Cutting bureaucracy: Simplifying applications of third-country nationals

On the 22 February the LIBE Committee of the European Parliament will hold an orientation vote on the ‘Directive of the European Parliament and of the Council on a single application procedure for a single permit for third-country nationals to reside and work in the territory of a Member State and on a common set of rights for third-country workers legally residing in a Member State.’

The purpose of this directive is to allow for a single application and a single permit for third-country nationals who wish to reside and work in an EU Member State. The aim of the directive is also to allow for the third-country nationals to have equal rights to the nationals of the Member State they will subsequently reside in if given a permit. However, this directive does not affect the competence of the Member States to decide on the admission of third-country nationals to their labour markets.

In this directive, the focus is on the third-country national, a change from the previous directive of 2007 which focused on third-country workers. The definition of a third-country national, for the purpose of this directive, is

“any person who is not a citizen of the Union within the meaning of Article 20(1) of the Treaty on the Functioning of the European Union”. The directive will be applicable to any such a person who has applied to work in a Member State or has been admitted for other reasons but has the right to work in the Member State.”

Saying that, there are a number of circumstances in which a Member State can deem the directive inapplicable to a third-country national. Such circumstances include the situation of family members of a third-country national being EU citizens or being able to enjoy rights equivalent to EU citizens. Third-country nationals would also be excluded from the directive if they were seasonal workers or wishing to work as an au pair, be self-employed or a seafarer. Finally those awaiting, or having been granted international protection would also not be able to benefit from this directive. The addition of the exclusion of the self-employed or seafarers is another new change from the 2007 directive.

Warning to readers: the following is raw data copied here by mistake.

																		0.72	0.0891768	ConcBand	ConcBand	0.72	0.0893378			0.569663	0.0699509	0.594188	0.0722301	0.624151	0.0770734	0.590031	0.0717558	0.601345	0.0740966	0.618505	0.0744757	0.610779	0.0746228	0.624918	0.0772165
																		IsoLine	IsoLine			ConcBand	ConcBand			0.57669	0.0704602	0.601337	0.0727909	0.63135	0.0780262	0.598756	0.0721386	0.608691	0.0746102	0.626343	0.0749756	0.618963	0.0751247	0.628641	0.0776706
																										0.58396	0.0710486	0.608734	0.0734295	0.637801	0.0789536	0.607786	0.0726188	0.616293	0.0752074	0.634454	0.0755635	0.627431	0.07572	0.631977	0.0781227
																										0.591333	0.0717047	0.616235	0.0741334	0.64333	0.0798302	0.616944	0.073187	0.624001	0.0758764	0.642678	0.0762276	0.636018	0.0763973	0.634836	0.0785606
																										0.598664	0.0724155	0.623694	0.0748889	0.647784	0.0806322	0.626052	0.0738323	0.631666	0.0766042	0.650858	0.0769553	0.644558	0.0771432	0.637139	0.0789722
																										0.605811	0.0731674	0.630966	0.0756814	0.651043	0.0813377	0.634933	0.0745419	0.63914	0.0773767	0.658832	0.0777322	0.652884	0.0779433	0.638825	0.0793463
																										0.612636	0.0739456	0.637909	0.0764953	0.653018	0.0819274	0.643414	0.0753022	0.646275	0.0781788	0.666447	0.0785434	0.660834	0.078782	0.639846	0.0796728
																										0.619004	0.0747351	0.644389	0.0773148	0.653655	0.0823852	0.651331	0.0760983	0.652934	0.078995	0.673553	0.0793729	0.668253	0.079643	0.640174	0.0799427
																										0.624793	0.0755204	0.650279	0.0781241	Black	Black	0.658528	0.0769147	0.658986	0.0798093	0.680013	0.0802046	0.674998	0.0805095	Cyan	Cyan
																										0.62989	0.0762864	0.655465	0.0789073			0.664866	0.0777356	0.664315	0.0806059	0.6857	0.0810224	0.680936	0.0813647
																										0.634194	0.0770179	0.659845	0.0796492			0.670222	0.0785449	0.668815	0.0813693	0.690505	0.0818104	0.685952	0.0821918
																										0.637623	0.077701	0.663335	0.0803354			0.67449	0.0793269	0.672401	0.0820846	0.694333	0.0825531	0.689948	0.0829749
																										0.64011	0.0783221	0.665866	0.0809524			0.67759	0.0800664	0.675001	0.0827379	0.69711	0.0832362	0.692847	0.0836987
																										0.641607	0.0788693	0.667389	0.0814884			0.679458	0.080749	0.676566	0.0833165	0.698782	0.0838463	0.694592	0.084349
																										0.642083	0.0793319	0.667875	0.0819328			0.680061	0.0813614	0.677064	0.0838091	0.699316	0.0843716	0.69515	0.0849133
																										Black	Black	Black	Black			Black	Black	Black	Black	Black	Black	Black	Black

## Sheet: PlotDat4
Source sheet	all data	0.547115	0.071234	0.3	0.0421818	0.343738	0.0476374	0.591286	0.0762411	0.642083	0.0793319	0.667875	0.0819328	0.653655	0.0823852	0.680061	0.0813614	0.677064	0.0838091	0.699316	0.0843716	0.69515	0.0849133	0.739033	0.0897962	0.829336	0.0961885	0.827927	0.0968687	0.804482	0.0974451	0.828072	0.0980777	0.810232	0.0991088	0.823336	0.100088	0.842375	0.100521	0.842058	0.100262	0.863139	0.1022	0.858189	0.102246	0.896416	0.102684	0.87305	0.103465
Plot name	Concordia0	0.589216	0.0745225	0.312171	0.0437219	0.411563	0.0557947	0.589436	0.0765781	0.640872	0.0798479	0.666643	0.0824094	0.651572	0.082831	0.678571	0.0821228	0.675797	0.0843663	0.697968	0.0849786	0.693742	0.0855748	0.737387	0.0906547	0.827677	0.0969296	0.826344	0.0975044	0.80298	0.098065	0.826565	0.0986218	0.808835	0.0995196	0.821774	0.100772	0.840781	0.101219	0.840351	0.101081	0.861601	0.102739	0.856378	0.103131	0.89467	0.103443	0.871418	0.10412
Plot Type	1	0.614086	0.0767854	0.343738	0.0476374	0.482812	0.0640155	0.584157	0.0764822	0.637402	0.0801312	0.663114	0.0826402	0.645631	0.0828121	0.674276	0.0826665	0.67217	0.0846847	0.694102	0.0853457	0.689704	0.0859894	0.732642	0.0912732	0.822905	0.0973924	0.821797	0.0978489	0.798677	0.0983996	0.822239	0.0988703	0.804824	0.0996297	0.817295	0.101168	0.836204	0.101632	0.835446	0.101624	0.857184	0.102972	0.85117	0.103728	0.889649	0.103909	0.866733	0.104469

Furthermore, Member States can now decide to exclude, from articles 4 to 10, those granted a stay of less than 6 months and students. In the previous directive this exclusion was limited to seasonal workers but it can now be any worker who is simply granted a six month permit. This leaves open the possibility of third-country nationals receiving continuous renewals of 6 month work permits but no real access to the directive and its single application.

Those that do have access however, can benefit from a simplified and potentially quick procedure that can be launched individually or by an employer. The result is one procedure and issuance of one permit that encompasses both the permission for residence and work. This does not however, get rid of the need for a visa which may still be required for the initial entry into the Member State.

The directive also lays down rules with regards to the treatment of applicants and accountability. Member States are to designate a competent authority for the evaluation and processing of applications. This authority also has the responsibility of adopting a decision within four months of the date on which the application was submitted. There is leeway on this four month deadline however; if examination of the application is proving particularly difficult then the deadline could be extended. Also, if the applicant fails to provide all of the required supporting documents, the authority is required to notify the applicant of the information needed along with corresponding deadlines. In this case the four month decision deadline can be suspended until all documents are received.